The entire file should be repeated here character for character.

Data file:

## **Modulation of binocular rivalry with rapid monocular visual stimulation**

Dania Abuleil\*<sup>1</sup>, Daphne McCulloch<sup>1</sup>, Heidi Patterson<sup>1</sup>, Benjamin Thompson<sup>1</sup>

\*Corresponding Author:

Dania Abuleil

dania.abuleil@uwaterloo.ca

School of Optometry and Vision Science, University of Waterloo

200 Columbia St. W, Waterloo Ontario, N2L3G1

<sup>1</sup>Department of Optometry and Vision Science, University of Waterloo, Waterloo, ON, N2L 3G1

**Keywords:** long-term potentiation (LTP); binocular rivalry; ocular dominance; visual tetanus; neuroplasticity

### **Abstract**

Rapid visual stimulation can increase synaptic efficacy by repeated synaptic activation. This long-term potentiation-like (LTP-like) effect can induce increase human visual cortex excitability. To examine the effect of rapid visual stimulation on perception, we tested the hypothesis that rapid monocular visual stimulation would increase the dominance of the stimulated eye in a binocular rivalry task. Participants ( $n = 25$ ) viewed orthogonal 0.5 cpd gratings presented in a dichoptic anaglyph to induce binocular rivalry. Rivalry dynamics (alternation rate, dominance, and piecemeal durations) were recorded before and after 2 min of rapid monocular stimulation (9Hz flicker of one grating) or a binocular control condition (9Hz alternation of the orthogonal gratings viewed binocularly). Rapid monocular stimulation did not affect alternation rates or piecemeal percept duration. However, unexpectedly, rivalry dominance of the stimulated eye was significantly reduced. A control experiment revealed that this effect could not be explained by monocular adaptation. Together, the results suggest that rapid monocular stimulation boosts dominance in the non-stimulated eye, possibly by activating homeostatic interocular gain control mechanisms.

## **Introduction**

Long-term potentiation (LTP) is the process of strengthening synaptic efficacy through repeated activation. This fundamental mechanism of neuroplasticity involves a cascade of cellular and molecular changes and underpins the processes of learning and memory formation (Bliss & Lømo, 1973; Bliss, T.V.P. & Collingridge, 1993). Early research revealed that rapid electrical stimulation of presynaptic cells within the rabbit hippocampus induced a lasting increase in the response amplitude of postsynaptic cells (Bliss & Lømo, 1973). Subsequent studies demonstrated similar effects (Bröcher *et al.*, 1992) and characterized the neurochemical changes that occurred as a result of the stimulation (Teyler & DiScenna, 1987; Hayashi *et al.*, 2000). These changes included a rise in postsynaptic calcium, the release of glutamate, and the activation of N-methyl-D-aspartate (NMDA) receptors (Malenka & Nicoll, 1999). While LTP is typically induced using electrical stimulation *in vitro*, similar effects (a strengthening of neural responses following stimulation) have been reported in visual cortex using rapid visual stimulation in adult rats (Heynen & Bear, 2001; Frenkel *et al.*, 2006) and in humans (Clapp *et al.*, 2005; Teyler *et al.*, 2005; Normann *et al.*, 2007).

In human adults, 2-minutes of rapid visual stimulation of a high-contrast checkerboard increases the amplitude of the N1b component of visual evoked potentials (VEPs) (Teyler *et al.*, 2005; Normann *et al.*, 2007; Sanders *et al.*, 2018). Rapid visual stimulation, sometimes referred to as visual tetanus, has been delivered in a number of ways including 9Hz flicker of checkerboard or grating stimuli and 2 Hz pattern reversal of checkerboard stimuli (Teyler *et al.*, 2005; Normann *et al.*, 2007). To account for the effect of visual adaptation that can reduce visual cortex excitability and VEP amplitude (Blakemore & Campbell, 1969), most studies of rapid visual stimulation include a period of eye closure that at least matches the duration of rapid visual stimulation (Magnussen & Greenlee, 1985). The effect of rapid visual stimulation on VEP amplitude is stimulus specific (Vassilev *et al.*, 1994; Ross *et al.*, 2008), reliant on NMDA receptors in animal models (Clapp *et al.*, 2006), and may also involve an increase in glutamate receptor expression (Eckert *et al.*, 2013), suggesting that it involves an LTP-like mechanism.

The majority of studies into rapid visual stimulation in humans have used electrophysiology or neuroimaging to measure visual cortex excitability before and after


## **Modulation of binocular rivalry with rapid monocular visual stimulation**

Dania Abuleil\*<sup>1</sup>, Daphne McCulloch<sup>1</sup>, Heidi Patterson<sup>1</sup>, Benjamin Thompson<sup>1</sup>

\*Corresponding Author:

Dania Abuleil

dania.abuleil@uwaterloo.ca

School of Optometry and Vision Science, University of Waterloo

200 Columbia St. W, Waterloo Ontario, N2L3G1

<sup>1</sup>Department of Optometry and Vision Science, University of Waterloo, Waterloo, ON, N2L 3G1

**Keywords:** long-term potentiation (LTP); binocular rivalry; ocular dominance; visual tetanus; neuroplasticity

### **Abstract**

Rapid visual stimulation can increase synaptic efficacy by repeated synaptic activation. This long-term potentiation-like (LTP-like) effect can induce increase human visual cortex excitability. To examine the effect of rapid visual stimulation on perception, we tested the hypothesis that rapid monocular visual stimulation would increase the dominance of the stimulated eye in a binocular rivalry task. Participants ( $n = 25$ ) viewed orthogonal 0.5 cpd gratings presented in a dichoptic anaglyph to induce binocular rivalry. Rivalry dynamics (alternation rate, dominance, and piecemeal durations) were recorded before and after 2 min of rapid monocular stimulation (9Hz flicker of one grating) or a binocular control condition (9Hz alternation of the orthogonal gratings viewed binocularly). Rapid monocular stimulation did not affect alternation rates or piecemeal percept duration. However, unexpectedly, rivalry dominance of the stimulated eye was significantly reduced. A control experiment revealed that this effect could not be explained by monocular adaptation. Together, the results suggest that rapid monocular stimulation boosts dominance in the non-stimulated eye, possibly by activating homeostatic interocular gain control mechanisms.

## **Introduction**

Long-term potentiation (LTP) is the process of strengthening synaptic efficacy through repeated activation. This fundamental mechanism of neuroplasticity involves a cascade of cellular and molecular changes and underpins the processes of learning and memory formation (Bliss & Lømo, 1973; Bliss, T.V.P. & Collingridge, 1993). Early research revealed that rapid electrical stimulation of presynaptic cells within the rabbit hippocampus induced a lasting increase in the response amplitude of postsynaptic cells (Bliss & Lømo, 1973). Subsequent studies demonstrated similar effects (Bröcher *et al.*, 1992) and characterized the neurochemical changes that occurred as a result of the stimulation (Teyler & DiScenna, 1987; Hayashi *et al.*, 2000). These changes included a rise in postsynaptic calcium, the release of glutamate, and the activation of N-methyl-D-aspartate (NMDA) receptors (Malenka & Nicoll, 1999). While LTP is typically induced using electrical stimulation *in vitro*, similar effects (a strengthening of neural responses following stimulation) have been reported in visual cortex using rapid visual stimulation in adult rats (Heynen & Bear, 2001; Frenkel *et al.*, 2006) and in humans (Clapp *et al.*, 2005; Teyler *et al.*, 2005; Normann *et al.*, 2007).

In human adults, 2-minutes of rapid visual stimulation of a high-contrast checkerboard increases the amplitude of the N1b component of visual evoked potentials (VEPs) (Teyler *et al.*, 2005; Normann *et al.*, 2007; Sanders *et al.*, 2018). Rapid visual stimulation, sometimes referred to as visual tetanus, has been delivered in a number of ways including 9Hz flicker of checkerboard or grating stimuli and 2 Hz pattern reversal of checkerboard stimuli (Teyler *et al.*, 2005; Normann *et al.*, 2007). To account for the effect of visual adaptation that can reduce visual cortex excitability and VEP amplitude (Blakemore & Campbell, 1969), most studies of rapid visual stimulation include a period of eye closure that at least matches the duration of rapid visual stimulation (Magnussen & Greenlee, 1985). The effect of rapid visual stimulation on VEP amplitude is stimulus specific (Vassilev *et al.*, 1994; Ross *et al.*, 2008), reliant on NMDA receptors in animal models (Clapp *et al.*, 2006), and may also involve an increase in glutamate receptor expression (Eckert *et al.*, 2013), suggesting that it involves an LTP-like mechanism.

The majority of studies into rapid visual stimulation in humans have used electrophysiology or neuroimaging to measure visual cortex excitability before and after